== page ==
We are living in tumultuous times and women need to be more careful. A woman should not have to live looking over her shoulder but we must guide our sisters, friends and daughters into safety. In the case of rape, ignorance will never be bliss. Females living in Nigeria must be hyper aware of the demons creeping in the shadows and hold onto caution with both hands. Let us not leave that girl drunkenly stumbling around the party to male devices. Let’s not leave our friends to walk home alone at night. Let us not keep silent about the attackers we know of, in an aim to “mind our business”. No rapist should be given a second chance to rape again. If a man can rape one woman, he can rape dozens of women. We must be our sister’s keepers, we must protect each other because the authorities certainly won’t. Women have been meek and silent on this issue for too long. A person that has experienced the life changing traumatic act of rape should not be called a victim, but a survivor and for those fortunate enough to treat them with empathy instead of sympathy should consider themselves lucky.
Some of us fear being tagged a “feminist”, we shy away from the word because of the ugly manner men sneer the word. Equal treatment for women has been laughed upon for decades. Men of this generation will laugh, “Oh, you’re a feminist? That means you don’t need me to pay for anything nau! You can handle it”. Then what do our women do? Deny the idea of feminism vehemently because after all who doesn’t want to be taken care of? Women do not realize that in that moment, they have given up their independence, their power. Women! You must not be a feminist to demand respect and want simple courtesy from a man. We must never base our self-worth of another’s opinion and never ever give up our freewill. Some men are raised to be masochists, to be “a man”, to be the provider and be in charge of their women. They will do whatever it takes to dominate and conquer. However, do not misunderstand me! Some women enjoy being dominated by their partner and to each their own, however it is their choice. That is the key word, we must all be aware we have a choice.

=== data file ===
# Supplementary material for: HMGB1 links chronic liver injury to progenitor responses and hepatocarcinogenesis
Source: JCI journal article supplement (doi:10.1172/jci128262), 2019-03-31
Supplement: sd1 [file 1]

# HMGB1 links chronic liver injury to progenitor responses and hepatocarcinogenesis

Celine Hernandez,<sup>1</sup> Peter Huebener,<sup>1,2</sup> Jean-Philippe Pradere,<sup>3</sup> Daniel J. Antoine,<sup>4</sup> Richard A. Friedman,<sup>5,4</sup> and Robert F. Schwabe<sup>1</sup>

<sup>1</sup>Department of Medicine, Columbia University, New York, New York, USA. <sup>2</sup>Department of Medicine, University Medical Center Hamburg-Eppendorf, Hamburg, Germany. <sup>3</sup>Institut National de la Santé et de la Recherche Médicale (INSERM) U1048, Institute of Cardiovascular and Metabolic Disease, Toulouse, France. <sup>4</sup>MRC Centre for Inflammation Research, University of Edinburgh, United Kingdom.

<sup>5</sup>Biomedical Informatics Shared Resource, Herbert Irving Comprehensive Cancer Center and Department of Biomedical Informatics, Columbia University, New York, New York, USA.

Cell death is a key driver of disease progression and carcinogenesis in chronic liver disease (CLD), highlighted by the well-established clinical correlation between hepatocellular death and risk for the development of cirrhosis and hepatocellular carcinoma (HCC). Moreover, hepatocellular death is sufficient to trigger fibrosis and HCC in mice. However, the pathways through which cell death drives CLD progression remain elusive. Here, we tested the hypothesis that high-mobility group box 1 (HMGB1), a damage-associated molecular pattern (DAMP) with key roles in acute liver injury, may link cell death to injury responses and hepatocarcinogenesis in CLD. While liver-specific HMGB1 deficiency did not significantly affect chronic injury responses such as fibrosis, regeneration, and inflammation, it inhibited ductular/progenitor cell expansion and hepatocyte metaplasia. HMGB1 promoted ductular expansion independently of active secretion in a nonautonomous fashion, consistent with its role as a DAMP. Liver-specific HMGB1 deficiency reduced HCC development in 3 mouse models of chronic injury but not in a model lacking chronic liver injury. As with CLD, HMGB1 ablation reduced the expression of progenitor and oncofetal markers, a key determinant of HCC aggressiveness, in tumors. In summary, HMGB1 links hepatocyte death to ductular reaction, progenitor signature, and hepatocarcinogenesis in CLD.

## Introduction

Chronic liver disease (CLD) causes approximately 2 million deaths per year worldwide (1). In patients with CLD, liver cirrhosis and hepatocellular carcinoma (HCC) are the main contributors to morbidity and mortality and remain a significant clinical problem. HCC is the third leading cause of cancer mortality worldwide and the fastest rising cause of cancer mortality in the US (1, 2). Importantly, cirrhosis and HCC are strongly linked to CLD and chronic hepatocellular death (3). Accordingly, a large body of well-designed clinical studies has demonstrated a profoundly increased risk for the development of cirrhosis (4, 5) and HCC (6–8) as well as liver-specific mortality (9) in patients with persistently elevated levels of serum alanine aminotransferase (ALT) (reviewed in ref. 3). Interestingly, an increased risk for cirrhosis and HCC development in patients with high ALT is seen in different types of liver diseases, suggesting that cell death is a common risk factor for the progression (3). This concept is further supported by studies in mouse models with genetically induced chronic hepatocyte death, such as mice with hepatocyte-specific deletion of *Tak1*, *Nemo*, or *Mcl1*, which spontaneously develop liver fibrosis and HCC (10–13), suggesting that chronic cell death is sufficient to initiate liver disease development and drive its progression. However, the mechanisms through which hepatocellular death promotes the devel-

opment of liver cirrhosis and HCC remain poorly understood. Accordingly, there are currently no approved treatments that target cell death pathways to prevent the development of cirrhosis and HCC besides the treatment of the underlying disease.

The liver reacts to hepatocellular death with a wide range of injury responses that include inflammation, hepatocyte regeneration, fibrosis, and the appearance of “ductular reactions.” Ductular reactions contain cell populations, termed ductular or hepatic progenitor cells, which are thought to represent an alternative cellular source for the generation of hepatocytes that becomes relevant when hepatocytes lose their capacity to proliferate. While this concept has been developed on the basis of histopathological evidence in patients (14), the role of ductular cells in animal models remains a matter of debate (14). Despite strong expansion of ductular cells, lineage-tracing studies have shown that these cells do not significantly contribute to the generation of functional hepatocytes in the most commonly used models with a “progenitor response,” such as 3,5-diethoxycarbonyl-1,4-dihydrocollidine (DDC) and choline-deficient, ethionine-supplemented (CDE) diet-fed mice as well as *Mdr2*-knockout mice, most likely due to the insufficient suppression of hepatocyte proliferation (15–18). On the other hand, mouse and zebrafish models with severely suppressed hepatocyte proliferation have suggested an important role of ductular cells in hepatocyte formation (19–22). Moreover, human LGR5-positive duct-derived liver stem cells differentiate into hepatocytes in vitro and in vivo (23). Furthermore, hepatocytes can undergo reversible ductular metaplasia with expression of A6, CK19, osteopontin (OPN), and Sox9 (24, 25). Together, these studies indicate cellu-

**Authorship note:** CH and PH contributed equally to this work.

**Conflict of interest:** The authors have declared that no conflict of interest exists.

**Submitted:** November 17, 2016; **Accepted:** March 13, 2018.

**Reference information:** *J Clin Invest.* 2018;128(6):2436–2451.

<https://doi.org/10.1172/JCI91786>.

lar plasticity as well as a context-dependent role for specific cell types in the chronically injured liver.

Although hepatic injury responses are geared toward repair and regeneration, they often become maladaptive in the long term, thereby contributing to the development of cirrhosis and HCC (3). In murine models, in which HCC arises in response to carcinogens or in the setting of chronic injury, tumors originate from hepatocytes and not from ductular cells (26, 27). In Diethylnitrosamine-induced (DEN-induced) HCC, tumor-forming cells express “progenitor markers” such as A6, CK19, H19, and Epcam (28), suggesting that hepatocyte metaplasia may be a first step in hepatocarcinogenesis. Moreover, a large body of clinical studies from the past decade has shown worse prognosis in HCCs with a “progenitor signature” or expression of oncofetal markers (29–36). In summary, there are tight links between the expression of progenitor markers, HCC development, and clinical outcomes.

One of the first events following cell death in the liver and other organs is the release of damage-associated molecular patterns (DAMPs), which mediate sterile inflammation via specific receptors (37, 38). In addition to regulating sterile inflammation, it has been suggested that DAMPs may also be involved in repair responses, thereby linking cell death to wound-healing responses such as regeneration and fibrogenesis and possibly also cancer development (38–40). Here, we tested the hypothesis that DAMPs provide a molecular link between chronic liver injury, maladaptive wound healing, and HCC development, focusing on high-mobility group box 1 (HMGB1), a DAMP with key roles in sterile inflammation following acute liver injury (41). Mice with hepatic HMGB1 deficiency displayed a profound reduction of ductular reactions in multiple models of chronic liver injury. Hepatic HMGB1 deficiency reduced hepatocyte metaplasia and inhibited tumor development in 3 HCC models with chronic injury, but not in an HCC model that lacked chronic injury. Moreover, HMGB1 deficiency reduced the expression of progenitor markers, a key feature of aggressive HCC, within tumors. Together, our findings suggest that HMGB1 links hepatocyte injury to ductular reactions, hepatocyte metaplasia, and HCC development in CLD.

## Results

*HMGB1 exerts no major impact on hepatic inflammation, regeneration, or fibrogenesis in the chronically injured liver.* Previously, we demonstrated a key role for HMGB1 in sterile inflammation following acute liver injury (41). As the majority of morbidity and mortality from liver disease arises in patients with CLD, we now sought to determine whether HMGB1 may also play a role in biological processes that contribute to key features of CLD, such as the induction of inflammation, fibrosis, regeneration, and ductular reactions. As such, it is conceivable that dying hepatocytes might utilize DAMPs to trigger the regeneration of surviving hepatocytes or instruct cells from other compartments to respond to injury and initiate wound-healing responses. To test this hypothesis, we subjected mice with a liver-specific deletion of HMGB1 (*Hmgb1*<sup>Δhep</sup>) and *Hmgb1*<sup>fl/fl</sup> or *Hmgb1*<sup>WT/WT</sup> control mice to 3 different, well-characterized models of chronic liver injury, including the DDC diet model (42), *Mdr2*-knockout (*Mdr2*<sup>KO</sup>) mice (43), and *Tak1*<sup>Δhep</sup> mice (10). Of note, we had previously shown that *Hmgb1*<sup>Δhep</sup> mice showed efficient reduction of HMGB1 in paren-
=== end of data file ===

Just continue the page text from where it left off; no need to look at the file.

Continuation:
The topic of false rape allegation is unavoidable. It is the man’s word vs. the woman’s and in most cases the public is inclined to believe the woman. However, there are cases were the woman is lying or twisting facts to incriminate the man and we cannot ignore the fact. It is common in Nigeria for a woman to threaten a man with rape allegations to spite him and without proper exculpatory evidence the man could either be arrested or his reputation ruined. This is where we discuss the punishment for a woman falsely accusing a man. Should there be a harsh punishment for this act? I believe so, because it is criminal to go on a smear campaign for spiteful reason or even worse blackmail. There should be laws put in place to punish women that falsely accuse men but for that to be justified, we need to be able to trust the investigation process. How do we know the authorities will choose not to believe the woman, without following due process? With a nicely greased palm, anything is possible. These are the issues.
Today, we have rape cases strewn all over social media. The hash tag #SayNoToRape and #ProtectTheGirlChild are currently trending. Nigerian youth are carrying the banner. It is never too late to call for change, to call for justice. Justice for Vera Omozuwa, gang-raped in a church in Benin. She was assaulted with a fire extinguisher and raped by different men. Vera died in the hospital. Justice for Bakarat Bello, an 18-year old student found in a pool of her own blood in her backyard. Bakarat was raped and killed in her own home. Justice for the 4-year old girl sat on her mothers lap, telling the story of the uncle that put his fingers inside her. Justice for the pure water seller cornered in a market in Ado-Ekiti by three men armed to the teeth with broken bottles and raped in a dark corner. Justice for the 80-year old grandmother raped by a wheelbarrow pusher in the village. Justice for the 12-year old girl raped by 11 men in Jigawa. Justice for the 3-month-old baby raped by a young man. I call for justice for all the girls and women that we have all let down and disappointed by not doing ENOUGH.